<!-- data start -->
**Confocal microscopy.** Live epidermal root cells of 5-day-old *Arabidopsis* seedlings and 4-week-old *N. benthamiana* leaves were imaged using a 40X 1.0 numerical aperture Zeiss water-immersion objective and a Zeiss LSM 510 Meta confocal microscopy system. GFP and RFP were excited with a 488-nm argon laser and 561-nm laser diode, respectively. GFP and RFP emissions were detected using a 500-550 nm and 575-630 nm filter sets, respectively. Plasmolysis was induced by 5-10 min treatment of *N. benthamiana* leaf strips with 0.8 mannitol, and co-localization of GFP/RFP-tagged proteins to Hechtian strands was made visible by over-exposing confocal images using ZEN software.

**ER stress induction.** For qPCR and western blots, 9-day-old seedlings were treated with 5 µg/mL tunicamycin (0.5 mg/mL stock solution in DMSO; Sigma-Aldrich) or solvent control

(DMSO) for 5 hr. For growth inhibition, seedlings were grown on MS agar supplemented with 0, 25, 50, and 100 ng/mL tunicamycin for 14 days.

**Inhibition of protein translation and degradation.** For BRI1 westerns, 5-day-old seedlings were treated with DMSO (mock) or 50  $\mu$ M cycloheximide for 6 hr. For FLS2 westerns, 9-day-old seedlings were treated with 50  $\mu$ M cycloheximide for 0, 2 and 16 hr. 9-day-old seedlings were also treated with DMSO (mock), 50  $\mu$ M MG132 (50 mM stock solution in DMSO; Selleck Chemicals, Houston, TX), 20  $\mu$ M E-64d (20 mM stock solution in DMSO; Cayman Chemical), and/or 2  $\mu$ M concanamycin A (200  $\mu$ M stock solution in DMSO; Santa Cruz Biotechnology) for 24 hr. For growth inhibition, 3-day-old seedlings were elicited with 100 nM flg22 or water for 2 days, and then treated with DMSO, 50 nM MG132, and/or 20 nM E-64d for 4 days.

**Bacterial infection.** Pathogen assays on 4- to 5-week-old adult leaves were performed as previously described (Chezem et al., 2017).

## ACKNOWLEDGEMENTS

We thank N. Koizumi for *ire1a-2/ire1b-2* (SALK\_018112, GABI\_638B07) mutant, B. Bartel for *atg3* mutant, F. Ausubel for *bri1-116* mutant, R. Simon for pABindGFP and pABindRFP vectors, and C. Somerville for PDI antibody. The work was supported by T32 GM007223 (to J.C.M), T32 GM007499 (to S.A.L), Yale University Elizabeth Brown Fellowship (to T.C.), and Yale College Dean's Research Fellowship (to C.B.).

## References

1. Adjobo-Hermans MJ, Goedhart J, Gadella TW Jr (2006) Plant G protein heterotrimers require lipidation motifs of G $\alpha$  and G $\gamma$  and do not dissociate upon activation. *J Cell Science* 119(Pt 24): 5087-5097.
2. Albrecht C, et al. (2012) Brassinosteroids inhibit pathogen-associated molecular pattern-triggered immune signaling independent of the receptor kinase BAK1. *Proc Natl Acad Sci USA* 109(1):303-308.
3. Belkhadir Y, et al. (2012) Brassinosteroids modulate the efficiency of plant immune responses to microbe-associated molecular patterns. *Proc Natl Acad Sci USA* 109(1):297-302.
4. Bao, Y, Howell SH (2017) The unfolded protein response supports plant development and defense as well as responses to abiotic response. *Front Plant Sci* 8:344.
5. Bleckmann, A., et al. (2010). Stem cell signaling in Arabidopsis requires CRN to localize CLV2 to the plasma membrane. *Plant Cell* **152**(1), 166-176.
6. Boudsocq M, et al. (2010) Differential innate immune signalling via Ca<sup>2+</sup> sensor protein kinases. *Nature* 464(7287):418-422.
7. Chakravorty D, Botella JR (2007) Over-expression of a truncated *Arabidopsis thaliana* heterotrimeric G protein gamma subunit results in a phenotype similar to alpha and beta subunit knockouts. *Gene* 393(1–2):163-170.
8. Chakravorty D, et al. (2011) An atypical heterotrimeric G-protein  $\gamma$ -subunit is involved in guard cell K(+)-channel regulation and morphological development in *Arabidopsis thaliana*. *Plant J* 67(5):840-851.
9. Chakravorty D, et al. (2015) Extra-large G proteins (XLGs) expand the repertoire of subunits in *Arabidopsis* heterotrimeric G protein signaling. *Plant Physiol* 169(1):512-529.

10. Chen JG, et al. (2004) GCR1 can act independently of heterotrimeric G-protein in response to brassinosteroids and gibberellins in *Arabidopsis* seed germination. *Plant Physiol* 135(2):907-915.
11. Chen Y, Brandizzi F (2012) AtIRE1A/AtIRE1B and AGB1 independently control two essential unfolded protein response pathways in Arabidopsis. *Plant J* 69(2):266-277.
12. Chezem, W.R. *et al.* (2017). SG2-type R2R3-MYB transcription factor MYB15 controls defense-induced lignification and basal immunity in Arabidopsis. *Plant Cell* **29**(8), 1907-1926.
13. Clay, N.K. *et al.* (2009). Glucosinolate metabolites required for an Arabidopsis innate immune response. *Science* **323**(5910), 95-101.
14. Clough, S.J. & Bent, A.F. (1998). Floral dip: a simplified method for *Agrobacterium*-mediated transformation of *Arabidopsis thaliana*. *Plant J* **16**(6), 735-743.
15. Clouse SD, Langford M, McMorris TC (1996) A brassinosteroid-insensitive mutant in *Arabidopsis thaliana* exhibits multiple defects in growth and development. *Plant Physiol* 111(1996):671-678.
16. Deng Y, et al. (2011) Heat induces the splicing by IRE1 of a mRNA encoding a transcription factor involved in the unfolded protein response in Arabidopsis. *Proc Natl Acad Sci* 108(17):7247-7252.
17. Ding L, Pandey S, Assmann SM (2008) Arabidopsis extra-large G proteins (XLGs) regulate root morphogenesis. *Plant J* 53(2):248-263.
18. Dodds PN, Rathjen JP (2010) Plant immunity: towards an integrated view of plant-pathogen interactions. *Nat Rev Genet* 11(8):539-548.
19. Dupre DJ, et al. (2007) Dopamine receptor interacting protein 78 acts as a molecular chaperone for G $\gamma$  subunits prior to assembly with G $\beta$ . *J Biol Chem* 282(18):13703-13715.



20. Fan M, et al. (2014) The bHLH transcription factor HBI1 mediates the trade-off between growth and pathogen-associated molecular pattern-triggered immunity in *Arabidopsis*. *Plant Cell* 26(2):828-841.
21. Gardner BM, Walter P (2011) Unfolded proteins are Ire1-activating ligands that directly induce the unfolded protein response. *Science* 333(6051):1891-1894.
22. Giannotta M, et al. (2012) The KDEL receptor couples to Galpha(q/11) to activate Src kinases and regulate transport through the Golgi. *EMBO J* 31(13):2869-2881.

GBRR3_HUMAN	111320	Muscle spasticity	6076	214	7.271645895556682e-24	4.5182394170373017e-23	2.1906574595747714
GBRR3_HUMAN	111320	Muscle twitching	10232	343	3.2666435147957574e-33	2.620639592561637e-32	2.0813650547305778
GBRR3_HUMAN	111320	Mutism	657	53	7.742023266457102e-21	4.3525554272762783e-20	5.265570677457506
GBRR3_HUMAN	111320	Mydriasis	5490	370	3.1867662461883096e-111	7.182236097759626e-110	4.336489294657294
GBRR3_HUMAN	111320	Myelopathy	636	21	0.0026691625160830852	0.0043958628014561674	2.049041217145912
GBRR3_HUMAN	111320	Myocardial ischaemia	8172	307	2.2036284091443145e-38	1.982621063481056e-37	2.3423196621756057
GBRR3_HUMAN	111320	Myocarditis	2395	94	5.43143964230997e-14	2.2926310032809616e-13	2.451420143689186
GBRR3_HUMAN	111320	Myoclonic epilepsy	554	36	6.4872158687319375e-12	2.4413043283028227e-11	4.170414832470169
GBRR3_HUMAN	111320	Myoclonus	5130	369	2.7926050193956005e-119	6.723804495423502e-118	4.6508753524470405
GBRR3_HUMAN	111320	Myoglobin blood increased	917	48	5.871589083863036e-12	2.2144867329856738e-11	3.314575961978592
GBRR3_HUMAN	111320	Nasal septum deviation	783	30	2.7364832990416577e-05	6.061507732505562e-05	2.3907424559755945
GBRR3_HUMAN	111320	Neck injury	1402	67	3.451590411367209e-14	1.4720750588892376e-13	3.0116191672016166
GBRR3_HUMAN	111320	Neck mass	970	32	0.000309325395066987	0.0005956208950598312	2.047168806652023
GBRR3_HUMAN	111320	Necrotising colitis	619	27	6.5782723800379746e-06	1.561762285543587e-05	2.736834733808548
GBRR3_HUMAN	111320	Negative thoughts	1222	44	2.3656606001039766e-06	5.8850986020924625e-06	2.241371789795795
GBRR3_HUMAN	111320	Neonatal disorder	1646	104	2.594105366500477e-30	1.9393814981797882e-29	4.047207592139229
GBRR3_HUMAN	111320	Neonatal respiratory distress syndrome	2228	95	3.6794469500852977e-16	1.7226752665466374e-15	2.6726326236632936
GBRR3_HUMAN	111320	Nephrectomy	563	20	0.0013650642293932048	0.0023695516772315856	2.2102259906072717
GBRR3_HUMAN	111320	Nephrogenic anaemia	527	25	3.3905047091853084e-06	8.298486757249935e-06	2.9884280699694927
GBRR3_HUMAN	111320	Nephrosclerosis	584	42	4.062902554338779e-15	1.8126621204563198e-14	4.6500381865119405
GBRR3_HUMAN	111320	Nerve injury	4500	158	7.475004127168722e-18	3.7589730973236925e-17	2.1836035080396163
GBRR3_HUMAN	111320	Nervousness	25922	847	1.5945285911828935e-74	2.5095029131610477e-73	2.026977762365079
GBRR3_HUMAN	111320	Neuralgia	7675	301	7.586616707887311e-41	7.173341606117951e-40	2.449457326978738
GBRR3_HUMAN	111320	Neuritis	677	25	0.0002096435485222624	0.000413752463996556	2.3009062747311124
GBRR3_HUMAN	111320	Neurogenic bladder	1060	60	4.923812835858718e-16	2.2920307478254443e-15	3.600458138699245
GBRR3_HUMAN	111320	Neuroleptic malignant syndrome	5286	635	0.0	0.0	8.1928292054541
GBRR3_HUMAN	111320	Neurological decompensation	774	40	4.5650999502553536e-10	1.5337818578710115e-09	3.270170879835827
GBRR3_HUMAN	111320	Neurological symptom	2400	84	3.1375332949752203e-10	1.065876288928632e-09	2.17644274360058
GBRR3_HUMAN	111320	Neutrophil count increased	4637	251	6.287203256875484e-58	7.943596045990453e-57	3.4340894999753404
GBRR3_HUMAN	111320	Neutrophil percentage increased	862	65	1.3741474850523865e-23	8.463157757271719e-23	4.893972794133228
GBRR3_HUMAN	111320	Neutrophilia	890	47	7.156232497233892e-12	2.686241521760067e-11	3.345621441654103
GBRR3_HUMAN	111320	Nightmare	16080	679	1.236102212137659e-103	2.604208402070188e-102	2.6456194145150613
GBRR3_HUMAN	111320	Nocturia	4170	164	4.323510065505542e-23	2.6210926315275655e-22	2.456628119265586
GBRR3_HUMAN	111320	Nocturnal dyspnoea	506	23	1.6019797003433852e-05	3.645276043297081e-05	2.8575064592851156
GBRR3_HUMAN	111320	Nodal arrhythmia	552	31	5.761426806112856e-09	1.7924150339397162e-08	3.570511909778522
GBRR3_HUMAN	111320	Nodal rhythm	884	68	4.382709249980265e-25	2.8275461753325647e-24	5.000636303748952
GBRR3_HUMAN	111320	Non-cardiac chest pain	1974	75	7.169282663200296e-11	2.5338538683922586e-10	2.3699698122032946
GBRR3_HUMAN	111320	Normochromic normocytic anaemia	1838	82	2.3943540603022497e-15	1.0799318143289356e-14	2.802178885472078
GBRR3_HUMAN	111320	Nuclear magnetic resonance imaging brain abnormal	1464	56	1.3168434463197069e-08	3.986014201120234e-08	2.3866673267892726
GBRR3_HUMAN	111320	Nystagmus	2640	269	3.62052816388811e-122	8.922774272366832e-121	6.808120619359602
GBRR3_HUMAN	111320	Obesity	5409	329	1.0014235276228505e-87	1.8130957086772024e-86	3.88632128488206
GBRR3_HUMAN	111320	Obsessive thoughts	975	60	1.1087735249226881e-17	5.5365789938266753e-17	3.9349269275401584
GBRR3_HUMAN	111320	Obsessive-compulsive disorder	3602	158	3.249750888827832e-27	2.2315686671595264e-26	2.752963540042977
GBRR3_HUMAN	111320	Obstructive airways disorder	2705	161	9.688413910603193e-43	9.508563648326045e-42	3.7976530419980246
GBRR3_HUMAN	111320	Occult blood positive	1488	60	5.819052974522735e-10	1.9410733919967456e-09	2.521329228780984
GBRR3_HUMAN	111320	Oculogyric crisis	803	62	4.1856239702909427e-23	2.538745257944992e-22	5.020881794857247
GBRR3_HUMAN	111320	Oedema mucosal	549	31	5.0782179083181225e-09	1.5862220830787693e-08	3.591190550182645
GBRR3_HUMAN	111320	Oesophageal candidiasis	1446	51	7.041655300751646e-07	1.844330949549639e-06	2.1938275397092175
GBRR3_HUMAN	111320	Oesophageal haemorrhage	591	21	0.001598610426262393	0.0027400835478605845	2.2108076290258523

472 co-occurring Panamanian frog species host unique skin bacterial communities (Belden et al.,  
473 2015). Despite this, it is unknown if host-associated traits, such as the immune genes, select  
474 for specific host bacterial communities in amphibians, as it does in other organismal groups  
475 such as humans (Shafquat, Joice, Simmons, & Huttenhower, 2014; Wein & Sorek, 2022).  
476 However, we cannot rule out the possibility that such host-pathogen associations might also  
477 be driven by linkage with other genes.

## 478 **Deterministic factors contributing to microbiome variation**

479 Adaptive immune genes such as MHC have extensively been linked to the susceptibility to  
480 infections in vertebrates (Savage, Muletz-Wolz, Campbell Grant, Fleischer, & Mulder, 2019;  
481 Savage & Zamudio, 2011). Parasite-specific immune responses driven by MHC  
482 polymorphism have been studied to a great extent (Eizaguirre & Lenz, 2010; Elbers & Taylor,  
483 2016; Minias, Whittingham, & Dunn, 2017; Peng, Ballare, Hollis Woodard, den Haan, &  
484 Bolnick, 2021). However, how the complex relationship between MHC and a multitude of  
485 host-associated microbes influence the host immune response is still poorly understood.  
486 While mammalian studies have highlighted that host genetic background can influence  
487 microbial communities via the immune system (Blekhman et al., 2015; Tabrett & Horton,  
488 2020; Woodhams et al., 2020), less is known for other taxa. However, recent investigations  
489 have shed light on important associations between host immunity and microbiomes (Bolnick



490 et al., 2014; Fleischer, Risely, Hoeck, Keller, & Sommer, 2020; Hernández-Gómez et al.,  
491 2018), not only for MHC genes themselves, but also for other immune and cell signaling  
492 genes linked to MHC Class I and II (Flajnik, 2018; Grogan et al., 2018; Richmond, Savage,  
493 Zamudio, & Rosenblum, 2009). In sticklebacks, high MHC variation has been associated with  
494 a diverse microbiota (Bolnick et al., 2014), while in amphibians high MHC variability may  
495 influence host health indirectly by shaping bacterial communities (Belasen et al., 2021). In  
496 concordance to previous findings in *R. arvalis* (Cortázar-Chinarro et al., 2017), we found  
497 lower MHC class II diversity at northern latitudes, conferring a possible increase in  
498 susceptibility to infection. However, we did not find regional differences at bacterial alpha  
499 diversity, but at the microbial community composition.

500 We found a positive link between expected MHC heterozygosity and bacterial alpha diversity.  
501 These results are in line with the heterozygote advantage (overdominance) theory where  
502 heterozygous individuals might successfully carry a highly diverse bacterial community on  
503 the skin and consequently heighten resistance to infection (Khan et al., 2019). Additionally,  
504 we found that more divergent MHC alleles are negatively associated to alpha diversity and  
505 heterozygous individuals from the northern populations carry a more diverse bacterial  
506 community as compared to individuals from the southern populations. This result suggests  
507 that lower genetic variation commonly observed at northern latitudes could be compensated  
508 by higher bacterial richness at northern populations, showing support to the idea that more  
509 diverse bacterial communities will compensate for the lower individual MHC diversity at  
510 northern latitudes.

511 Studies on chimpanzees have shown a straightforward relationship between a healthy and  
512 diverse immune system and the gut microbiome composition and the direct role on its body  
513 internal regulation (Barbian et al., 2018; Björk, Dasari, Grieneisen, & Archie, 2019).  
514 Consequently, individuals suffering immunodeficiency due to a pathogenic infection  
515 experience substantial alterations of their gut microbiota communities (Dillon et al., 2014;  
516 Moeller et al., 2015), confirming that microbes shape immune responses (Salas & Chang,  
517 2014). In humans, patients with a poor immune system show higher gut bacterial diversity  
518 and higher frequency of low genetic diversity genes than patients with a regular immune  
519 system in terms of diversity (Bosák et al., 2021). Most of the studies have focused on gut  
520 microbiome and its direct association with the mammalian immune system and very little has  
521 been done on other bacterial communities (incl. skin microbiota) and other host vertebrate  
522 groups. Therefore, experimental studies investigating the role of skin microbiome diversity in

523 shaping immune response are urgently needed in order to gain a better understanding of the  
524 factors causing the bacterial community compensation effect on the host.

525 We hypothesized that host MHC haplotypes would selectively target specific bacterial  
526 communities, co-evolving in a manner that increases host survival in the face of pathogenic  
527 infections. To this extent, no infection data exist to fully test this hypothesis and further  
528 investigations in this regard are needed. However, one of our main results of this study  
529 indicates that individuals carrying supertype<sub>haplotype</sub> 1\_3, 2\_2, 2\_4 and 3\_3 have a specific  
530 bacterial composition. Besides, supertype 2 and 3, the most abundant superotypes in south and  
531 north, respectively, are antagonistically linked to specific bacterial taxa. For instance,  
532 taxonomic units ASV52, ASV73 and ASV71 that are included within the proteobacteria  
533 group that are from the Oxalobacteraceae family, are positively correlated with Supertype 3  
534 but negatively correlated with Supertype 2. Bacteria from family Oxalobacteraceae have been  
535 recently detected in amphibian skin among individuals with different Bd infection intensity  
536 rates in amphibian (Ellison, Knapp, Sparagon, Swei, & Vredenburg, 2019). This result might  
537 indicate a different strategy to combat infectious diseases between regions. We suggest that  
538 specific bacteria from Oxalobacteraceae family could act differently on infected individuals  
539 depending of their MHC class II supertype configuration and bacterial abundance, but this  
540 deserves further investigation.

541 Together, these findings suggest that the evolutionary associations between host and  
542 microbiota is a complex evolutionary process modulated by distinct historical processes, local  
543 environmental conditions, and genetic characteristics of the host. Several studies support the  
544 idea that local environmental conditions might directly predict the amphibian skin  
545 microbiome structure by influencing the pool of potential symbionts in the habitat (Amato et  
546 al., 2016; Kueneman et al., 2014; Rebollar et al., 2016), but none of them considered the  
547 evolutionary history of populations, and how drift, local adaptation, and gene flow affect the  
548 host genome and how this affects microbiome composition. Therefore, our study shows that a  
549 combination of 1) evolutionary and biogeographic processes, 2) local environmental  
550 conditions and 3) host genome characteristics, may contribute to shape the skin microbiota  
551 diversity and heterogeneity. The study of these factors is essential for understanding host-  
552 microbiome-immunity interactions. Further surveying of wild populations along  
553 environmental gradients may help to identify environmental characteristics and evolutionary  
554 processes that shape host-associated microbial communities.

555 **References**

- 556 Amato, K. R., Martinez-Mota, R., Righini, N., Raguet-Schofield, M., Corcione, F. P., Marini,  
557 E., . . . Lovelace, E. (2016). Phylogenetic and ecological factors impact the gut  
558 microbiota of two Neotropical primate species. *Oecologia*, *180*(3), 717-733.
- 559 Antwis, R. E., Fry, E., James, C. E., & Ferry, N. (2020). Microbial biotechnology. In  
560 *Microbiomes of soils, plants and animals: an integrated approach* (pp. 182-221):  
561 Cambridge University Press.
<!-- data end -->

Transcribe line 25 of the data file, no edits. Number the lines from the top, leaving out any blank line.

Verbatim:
17. Ding L, Pandey S, Assmann SM (2008) Arabidopsis extra-large G proteins (XLGs) regulate root morphogenesis. *Plant J* 53(2):248-263.